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Council finds no easy answers in historic zoning case

Friday, February 1, 2008 by Mark Richardson

It may take a Solomonic decision by Council members to resolve the issues that confront them in the zoning case of the Colley-Hays House in West Austin. The city’s Historic Landmark Commission is seeking to give the early-1900s-era Deep Eddy home an historic designation, despite the owner’s plans to move the structure to Liberty Hill to serve as a home for an elderly relative.

By a one-vote margin, Council members approved the historic designation on first reading Thursday, but because of a valid petition against the zoning change, it will take six votes on second and third reading to pass the measure.

The Colley-Hays House, at 718 Norwalk Lane, is named for Henry Colley, an African American farmer born in the 1850’s who purchased the lot from the family of former Texas Governor Elisha Marshall Pease. Colley’s descendants sold the home in 1943 to Walter Hays, whose relatives still live in the home.

The historic zoning case on the house was initiated after the owners filed for a demolition permit in order to move the building. A number of West Austin residents seeking to preserve the home at its current location opposed that request.

However, City Historic Officer Steve Sadowsky told the Council that, in his opinion, the house did not meet the normal criteria for an historic designation. He noted that while it was clear Henry Colley had owned the land, there was no evidence that he actually lived in the house at 718 Norwalk. He also pointed out that a 1906 guide to prominent African American citizens in Austin included no mention of Colley.

During more than an hour of sometimes highly emotional testimony, speakers in favor of historic zoning spoke of the particular need to preserve the history of Austin’s African American heritage. Opponents of the change, mostly members of the Hays family, spoke of how their family has gathered in the home for generations and should have the right to decide what to do with their property.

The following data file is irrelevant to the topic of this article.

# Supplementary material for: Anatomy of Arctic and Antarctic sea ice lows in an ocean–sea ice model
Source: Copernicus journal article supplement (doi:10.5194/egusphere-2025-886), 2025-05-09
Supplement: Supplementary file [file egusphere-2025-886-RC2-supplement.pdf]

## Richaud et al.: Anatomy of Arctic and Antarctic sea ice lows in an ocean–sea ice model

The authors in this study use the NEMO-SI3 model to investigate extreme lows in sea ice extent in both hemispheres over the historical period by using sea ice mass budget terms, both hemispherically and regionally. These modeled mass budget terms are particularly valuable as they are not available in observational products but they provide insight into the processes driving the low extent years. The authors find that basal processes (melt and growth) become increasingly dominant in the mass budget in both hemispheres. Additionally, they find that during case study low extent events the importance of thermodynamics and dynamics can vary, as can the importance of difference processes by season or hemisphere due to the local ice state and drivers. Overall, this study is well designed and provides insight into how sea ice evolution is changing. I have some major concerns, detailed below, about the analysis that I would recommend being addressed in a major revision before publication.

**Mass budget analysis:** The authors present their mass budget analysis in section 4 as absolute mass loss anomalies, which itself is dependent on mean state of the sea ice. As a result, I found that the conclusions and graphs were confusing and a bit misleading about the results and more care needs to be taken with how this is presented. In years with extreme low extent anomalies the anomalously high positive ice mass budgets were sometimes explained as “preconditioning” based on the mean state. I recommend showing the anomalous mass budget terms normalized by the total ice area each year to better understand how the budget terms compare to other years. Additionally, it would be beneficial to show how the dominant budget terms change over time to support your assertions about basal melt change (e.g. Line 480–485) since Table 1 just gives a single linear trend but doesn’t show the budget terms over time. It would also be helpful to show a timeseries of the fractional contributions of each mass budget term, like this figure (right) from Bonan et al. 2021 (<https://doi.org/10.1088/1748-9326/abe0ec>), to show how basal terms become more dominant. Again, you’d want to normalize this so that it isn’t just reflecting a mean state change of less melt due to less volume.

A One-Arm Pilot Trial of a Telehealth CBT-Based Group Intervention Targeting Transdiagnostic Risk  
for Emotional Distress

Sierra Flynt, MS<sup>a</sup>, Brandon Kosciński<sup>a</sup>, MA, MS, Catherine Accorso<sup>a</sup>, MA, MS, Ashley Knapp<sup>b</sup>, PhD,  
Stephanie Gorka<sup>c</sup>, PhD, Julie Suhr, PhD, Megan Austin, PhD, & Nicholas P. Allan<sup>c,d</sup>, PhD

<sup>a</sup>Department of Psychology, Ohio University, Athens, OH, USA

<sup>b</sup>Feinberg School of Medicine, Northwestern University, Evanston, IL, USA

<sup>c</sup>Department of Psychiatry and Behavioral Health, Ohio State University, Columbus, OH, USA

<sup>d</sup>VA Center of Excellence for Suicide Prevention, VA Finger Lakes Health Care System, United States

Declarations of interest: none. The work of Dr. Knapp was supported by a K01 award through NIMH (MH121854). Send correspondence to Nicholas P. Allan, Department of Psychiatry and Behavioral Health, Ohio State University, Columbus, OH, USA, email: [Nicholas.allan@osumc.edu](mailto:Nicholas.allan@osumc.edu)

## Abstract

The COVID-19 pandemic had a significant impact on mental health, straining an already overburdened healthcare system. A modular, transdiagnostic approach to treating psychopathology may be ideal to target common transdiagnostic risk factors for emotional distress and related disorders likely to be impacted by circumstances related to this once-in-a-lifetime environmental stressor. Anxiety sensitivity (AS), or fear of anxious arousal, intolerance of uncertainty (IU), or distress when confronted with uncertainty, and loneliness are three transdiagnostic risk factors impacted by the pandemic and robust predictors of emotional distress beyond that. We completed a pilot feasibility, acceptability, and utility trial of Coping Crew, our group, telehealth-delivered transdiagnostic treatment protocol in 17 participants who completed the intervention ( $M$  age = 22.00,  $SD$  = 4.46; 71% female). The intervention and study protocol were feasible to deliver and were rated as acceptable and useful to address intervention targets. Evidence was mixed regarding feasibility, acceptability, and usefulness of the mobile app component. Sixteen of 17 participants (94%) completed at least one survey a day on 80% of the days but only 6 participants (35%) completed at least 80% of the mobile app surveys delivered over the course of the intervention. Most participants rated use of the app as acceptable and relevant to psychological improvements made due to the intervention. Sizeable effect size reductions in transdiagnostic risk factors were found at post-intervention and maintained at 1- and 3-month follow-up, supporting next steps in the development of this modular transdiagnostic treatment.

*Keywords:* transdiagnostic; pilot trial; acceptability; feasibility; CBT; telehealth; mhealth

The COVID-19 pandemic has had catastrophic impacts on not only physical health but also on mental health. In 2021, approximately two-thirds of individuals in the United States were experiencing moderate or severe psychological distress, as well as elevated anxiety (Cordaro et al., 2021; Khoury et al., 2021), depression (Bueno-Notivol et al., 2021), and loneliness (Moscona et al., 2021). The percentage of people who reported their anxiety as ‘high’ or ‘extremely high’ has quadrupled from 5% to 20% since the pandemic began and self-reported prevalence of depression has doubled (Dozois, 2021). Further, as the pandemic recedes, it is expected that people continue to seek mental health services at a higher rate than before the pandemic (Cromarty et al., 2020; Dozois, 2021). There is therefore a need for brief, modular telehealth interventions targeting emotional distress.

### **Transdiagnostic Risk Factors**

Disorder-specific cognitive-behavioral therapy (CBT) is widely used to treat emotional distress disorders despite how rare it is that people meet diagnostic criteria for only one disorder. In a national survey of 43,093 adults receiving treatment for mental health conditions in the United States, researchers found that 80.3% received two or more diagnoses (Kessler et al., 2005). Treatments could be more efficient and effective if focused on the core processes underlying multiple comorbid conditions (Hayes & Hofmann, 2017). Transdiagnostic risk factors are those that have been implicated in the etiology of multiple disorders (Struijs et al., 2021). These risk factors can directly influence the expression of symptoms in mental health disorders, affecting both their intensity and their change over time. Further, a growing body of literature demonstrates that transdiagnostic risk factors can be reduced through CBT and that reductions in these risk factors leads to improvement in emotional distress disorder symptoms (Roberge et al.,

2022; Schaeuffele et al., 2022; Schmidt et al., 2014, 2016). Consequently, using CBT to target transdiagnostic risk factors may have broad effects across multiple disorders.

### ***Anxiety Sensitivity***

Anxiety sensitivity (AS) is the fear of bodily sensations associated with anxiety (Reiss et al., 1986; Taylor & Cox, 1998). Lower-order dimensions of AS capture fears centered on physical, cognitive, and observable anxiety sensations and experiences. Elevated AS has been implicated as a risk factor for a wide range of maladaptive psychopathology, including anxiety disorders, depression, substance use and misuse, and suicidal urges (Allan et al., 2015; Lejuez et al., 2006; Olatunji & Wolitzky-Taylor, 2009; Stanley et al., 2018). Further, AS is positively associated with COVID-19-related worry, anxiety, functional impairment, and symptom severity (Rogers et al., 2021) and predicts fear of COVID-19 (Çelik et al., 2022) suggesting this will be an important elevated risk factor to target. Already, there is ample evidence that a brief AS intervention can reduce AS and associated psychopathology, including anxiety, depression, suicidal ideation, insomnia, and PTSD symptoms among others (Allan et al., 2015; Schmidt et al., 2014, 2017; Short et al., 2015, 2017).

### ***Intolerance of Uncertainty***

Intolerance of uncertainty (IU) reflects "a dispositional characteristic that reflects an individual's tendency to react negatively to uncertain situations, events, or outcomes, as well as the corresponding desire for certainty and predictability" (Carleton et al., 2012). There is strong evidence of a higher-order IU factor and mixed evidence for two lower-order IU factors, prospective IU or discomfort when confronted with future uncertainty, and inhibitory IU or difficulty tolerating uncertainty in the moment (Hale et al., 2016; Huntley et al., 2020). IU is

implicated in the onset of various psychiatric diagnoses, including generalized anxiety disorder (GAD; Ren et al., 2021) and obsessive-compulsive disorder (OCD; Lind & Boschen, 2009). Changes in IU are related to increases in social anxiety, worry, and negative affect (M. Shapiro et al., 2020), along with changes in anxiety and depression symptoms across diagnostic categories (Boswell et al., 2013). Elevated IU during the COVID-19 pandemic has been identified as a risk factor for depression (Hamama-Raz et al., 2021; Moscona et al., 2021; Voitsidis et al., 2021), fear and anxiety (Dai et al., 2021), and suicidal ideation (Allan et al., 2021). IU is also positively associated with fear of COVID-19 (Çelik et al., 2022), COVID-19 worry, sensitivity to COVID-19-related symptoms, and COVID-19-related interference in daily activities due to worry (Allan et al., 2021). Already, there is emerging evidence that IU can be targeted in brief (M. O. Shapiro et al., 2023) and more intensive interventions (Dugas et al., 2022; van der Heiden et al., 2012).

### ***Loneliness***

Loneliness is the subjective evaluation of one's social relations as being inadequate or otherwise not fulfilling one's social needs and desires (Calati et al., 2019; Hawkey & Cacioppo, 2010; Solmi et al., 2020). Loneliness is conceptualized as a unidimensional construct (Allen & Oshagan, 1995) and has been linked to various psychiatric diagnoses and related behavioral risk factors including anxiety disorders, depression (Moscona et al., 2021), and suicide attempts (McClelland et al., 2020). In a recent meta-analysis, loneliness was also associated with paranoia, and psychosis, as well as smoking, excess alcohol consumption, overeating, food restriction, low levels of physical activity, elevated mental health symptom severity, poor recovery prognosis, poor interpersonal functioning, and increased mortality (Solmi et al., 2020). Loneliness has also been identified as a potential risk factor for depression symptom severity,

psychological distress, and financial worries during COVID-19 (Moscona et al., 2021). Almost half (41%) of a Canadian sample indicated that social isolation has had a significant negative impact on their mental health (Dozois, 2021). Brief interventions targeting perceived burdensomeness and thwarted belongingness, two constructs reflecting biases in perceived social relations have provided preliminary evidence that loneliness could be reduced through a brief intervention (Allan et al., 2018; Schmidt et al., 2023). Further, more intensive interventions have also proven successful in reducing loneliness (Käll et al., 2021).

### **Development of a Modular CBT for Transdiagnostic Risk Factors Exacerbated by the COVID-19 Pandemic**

Chris Alguire with the West Austin Neighborhood Group made a presentation about the residences in West Austin of former slaves. She said the house made an important contribution to the history of the neighborhood, especially considering that one of the freedmen who lived in area following the Civil War could have owned it

“There is a long history of African Americans living in West Austin,” she said. “The Colley House is important because Henry Colley was the only African American who actually owned and lived on the land. That’s very significant.”

Jon Donisi with the Heritage Society of Austin said his group had worked with the family to try to find a way to preserve the house but could not come to an accommodation.

“The house is on two lots of a four lot subdivision,” he said. “We suggested we could find a way to move the house onto one lot and they could develop the other lots. We also suggested upzoning the lots to add value, or possibly moving the house to the O’Henry Middle School campus. But none of this worked.”

Betsy Mott, with her sister Ruth, are the heirs to the Hays estate. Betsy Mott told the Council that she and her sister had originally put the house and the land on the market to help finance care for their mother, who was ill. When their mother died a few months later, they took the house off the market and began making plans to sell the land and move the house to a subdivision in Liberty Hill, near where their parents had grown up.

“The house is not in good condition… it’s a health hazard,” she said. “But we need the money from selling the land to be able to restore the house and move it. But because of how much it will cost, if we keep the house where it is, we can’t afford to restore it.”

She noted that she does not have a lot of money, and that she cannot afford to remodel the house where it is. “That house has been in the Hays family for 64 years,” Mott said. “We should be able to decide what happens to it.”

Council Member Sheryl Cole said she was concerned over city staff’s criteria for an historic home. “You don’t have to be prosperous to be prominent,” she said. “The fact that a freedman laborer was able to buy and hold onto land in that era is remarkable.”

However, Mayor Pro Tem Betty Dunkerly expressed doubts about whether Colley actually lived in the house.

“I wish there was some way to honor both families,” she said. “Perhaps there is some way we can denote the history of the site without forcing the owners to keep the house there.”

Council Member Brewster McCracken, who said he has always been a staunch supporter of the city’s efforts to preserve its history, said he had trouble with forcing historic zoning on this property.

“If we approve the historic zoning, we will either force them to lose their home, or they will be stuck in a home with $35,000 a year in taxes,” he said. “I don’t think either one is a fair outcome.”

Council members voted 4-3 to approve the historic zoning on first reading, with Mayor Will Winn, Dunkerley and McCracken voting no. However, it will take six votes to win final approval because of the homeowner’s petition.

Because of a Feb 15 deadline for the Motts to complete the purchase of land in Liberty Hill, Wynn instructed staff to bring the item back at the Feb. 14 Council meeting.

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